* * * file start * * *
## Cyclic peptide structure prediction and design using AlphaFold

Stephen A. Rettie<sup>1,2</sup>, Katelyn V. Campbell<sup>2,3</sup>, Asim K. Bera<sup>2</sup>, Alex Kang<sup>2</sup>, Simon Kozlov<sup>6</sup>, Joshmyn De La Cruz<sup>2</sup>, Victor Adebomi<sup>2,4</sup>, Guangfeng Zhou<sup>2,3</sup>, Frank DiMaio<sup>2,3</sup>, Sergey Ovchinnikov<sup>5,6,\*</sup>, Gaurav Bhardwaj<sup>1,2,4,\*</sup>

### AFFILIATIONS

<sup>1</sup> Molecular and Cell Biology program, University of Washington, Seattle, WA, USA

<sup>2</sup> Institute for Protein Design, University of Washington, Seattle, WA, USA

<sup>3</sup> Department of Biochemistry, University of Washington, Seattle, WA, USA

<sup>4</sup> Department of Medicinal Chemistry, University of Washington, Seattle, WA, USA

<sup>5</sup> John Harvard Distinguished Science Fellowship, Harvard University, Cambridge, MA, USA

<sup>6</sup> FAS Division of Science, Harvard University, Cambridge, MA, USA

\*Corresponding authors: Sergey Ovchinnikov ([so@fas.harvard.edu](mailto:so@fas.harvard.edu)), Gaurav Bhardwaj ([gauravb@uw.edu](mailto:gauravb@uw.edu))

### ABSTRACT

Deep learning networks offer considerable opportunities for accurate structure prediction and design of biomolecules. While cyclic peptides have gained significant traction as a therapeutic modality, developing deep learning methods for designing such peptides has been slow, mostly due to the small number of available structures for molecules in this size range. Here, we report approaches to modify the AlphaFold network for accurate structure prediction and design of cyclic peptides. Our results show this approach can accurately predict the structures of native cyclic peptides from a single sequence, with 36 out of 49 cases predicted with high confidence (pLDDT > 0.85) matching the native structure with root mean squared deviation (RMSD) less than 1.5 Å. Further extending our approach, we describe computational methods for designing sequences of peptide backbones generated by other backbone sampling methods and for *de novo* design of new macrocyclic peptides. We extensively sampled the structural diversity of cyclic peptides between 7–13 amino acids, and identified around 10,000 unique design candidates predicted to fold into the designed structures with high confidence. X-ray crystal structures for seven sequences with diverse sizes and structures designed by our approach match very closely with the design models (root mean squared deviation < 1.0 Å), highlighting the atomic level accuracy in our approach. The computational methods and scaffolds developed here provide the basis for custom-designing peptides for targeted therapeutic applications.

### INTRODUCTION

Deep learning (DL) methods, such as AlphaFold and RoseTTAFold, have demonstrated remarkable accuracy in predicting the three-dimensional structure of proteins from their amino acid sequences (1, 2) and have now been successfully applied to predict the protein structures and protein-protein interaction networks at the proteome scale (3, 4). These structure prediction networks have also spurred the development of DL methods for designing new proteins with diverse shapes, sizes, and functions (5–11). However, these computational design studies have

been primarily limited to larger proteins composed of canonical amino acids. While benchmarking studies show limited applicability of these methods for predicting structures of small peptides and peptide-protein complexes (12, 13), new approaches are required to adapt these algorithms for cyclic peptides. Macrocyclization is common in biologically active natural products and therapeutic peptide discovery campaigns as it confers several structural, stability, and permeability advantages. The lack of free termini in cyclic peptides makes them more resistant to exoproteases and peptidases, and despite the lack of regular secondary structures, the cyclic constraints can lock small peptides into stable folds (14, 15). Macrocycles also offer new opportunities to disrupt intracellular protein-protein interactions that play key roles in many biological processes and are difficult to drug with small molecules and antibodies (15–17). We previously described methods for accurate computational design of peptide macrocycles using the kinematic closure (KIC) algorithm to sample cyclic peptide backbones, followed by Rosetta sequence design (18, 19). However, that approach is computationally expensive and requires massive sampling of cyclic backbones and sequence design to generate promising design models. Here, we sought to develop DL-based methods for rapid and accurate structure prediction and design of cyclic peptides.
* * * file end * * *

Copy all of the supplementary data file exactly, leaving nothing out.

## Cyclic peptide structure prediction and design using AlphaFold

Stephen A. Rettie<sup>1,2</sup>, Katelyn V. Campbell<sup>2,3</sup>, Asim K. Bera<sup>2</sup>, Alex Kang<sup>2</sup>, Simon Kozlov<sup>6</sup>, Joshmyn De La Cruz<sup>2</sup>, Victor Adebomi<sup>2,4</sup>, Guangfeng Zhou<sup>2,3</sup>, Frank DiMaio<sup>2,3</sup>, Sergey Ovchinnikov<sup>5,6,\*</sup>, Gaurav Bhardwaj<sup>1,2,4,\*</sup>

### AFFILIATIONS

<sup>1</sup> Molecular and Cell Biology program, University of Washington, Seattle, WA, USA

<sup>2</sup> Institute for Protein Design, University of Washington, Seattle, WA, USA

<sup>3</sup> Department of Biochemistry, University of Washington, Seattle, WA, USA

<sup>4</sup> Department of Medicinal Chemistry, University of Washington, Seattle, WA, USA

<sup>5</sup> John Harvard Distinguished Science Fellowship, Harvard University, Cambridge, MA, USA

<sup>6</sup> FAS Division of Science, Harvard University, Cambridge, MA, USA

\*Corresponding authors: Sergey Ovchinnikov ([so@fas.harvard.edu](mailto:so@fas.harvard.edu)), Gaurav Bhardwaj ([gauravb@uw.edu](mailto:gauravb@uw.edu))

### ABSTRACT

Deep learning networks offer considerable opportunities for accurate structure prediction and design of biomolecules. While cyclic peptides have gained significant traction as a therapeutic modality, developing deep learning methods for designing such peptides has been slow, mostly due to the small number of available structures for molecules in this size range. Here, we report approaches to modify the AlphaFold network for accurate structure prediction and design of cyclic peptides. Our results show this approach can accurately predict the structures of native cyclic peptides from a single sequence, with 36 out of 49 cases predicted with high confidence (pLDDT > 0.85) matching the native structure with root mean squared deviation (RMSD) less than 1.5 Å. Further extending our approach, we describe computational methods for designing sequences of peptide backbones generated by other backbone sampling methods and for *de novo* design of new macrocyclic peptides. We extensively sampled the structural diversity of cyclic peptides between 7–13 amino acids, and identified around 10,000 unique design candidates predicted to fold into the designed structures with high confidence. X-ray crystal structures for seven sequences with diverse sizes and structures designed by our approach match very closely with the design models (root mean squared deviation < 1.0 Å), highlighting the atomic level accuracy in our approach. The computational methods and scaffolds developed here provide the basis for custom-designing peptides for targeted therapeutic applications.

### INTRODUCTION

Deep learning (DL) methods, such as AlphaFold and RoseTTAFold, have demonstrated remarkable accuracy in predicting the three-dimensional structure of proteins from their amino acid sequences (1, 2) and have now been successfully applied to predict the protein structures and protein-protein interaction networks at the proteome scale (3, 4). These structure prediction networks have also spurred the development of DL methods for designing new proteins with diverse shapes, sizes, and functions (5–11). However, these computational design studies have

been primarily limited to larger proteins composed of canonical amino acids. While benchmarking studies show limited applicability of these methods for predicting structures of small peptides and peptide-protein complexes (12, 13), new approaches are required to adapt these algorithms for cyclic peptides. Macrocyclization is common in biologically active natural products and therapeutic peptide discovery campaigns as it confers several structural, stability, and permeability advantages. The lack of free termini in cyclic peptides makes them more resistant to exoproteases and peptidases, and despite the lack of regular secondary structures, the cyclic constraints can lock small peptides into stable folds (14, 15). Macrocycles also offer new opportunities to disrupt intracellular protein-protein interactions that play key roles in many biological processes and are difficult to drug with small molecules and antibodies (15–17). We previously described methods for accurate computational design of peptide macrocycles using the kinematic closure (KIC) algorithm to sample cyclic peptide backbones, followed by Rosetta sequence design (18, 19). However, that approach is computationally expensive and requires massive sampling of cyclic backbones and sequence design to generate promising design models. Here, we sought to develop DL-based methods for rapid and accurate structure prediction and design of cyclic peptides.